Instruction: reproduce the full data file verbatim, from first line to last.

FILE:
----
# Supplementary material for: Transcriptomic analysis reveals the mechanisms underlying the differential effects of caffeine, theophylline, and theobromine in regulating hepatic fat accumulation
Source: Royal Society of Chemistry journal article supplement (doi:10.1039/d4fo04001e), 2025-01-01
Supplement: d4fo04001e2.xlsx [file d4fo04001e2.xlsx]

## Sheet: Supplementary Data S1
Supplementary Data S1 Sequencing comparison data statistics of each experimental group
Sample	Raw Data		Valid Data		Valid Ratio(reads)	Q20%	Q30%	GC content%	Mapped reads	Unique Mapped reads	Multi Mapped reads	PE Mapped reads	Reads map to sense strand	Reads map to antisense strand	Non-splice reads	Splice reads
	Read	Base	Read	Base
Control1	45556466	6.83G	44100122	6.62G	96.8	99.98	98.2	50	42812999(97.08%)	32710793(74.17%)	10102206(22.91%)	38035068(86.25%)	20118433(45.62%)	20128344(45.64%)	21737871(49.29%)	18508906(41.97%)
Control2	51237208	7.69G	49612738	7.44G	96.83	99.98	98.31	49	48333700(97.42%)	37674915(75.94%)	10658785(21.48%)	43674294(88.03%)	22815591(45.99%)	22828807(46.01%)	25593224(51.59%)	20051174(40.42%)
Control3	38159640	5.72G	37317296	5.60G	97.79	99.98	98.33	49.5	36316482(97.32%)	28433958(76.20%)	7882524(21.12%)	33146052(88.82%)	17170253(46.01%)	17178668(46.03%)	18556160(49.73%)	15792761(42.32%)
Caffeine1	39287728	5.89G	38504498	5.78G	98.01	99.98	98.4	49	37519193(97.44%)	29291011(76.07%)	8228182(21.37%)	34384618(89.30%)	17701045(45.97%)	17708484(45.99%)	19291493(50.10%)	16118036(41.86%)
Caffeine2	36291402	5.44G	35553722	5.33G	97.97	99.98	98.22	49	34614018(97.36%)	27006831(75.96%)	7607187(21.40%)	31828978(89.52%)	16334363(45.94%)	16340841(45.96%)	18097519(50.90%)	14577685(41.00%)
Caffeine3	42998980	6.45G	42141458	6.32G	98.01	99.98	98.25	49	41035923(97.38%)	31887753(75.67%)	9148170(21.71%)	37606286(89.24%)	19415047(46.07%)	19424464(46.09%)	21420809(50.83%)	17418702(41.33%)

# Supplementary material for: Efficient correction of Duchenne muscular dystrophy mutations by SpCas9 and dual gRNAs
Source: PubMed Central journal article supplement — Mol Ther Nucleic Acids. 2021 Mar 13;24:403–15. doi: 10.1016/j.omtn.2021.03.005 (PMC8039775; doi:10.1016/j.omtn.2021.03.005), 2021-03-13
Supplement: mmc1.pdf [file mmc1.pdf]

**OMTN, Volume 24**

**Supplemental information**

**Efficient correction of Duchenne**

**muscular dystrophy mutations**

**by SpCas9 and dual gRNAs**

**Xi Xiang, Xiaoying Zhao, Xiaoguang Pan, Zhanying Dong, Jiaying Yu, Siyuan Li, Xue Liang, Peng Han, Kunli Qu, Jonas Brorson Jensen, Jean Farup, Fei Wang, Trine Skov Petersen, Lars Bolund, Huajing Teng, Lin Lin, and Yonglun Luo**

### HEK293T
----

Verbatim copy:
# Supplementary material for: Transcriptomic analysis reveals the mechanisms underlying the differential effects of caffeine, theophylline, and theobromine in regulating hepatic fat accumulation
Source: Royal Society of Chemistry journal article supplement (doi:10.1039/d4fo04001e), 2025-01-01
Supplement: d4fo04001e2.xlsx [file d4fo04001e2.xlsx]

## Sheet: Supplementary Data S1
Supplementary Data S1 Sequencing comparison data statistics of each experimental group
Sample	Raw Data		Valid Data		Valid Ratio(reads)	Q20%	Q30%	GC content%	Mapped reads	Unique Mapped reads	Multi Mapped reads	PE Mapped reads	Reads map to sense strand	Reads map to antisense strand	Non-splice reads	Splice reads
	Read	Base	Read	Base
Control1	45556466	6.83G	44100122	6.62G	96.8	99.98	98.2	50	42812999(97.08%)	32710793(74.17%)	10102206(22.91%)	38035068(86.25%)	20118433(45.62%)	20128344(45.64%)	21737871(49.29%)	18508906(41.97%)
Control2	51237208	7.69G	49612738	7.44G	96.83	99.98	98.31	49	48333700(97.42%)	37674915(75.94%)	10658785(21.48%)	43674294(88.03%)	22815591(45.99%)	22828807(46.01%)	25593224(51.59%)	20051174(40.42%)
Control3	38159640	5.72G	37317296	5.60G	97.79	99.98	98.33	49.5	36316482(97.32%)	28433958(76.20%)	7882524(21.12%)	33146052(88.82%)	17170253(46.01%)	17178668(46.03%)	18556160(49.73%)	15792761(42.32%)
Caffeine1	39287728	5.89G	38504498	5.78G	98.01	99.98	98.4	49	37519193(97.44%)	29291011(76.07%)	8228182(21.37%)	34384618(89.30%)	17701045(45.97%)	17708484(45.99%)	19291493(50.10%)	16118036(41.86%)
Caffeine2	36291402	5.44G	35553722	5.33G	97.97	99.98	98.22	49	34614018(97.36%)	27006831(75.96%)	7607187(21.40%)	31828978(89.52%)	16334363(45.94%)	16340841(45.96%)	18097519(50.90%)	14577685(41.00%)
Caffeine3	42998980	6.45G	42141458	6.32G	98.01	99.98	98.25	49	41035923(97.38%)	31887753(75.67%)	9148170(21.71%)	37606286(89.24%)	19415047(46.07%)	19424464(46.09%)	21420809(50.83%)	17418702(41.33%)

# Supplementary material for: Efficient correction of Duchenne muscular dystrophy mutations by SpCas9 and dual gRNAs
Source: PubMed Central journal article supplement — Mol Ther Nucleic Acids. 2021 Mar 13;24:403–15. doi: 10.1016/j.omtn.2021.03.005 (PMC8039775; doi:10.1016/j.omtn.2021.03.005), 2021-03-13
Supplement: mmc1.pdf [file mmc1.pdf]

**OMTN, Volume 24**

**Supplemental information**

**Efficient correction of Duchenne**

**muscular dystrophy mutations**

**by SpCas9 and dual gRNAs**

**Xi Xiang, Xiaoying Zhao, Xiaoguang Pan, Zhanying Dong, Jiaying Yu, Siyuan Li, Xue Liang, Peng Han, Kunli Qu, Jonas Brorson Jensen, Jean Farup, Fei Wang, Trine Skov Petersen, Lars Bolund, Huajing Teng, Lin Lin, and Yonglun Luo**

### HEK293T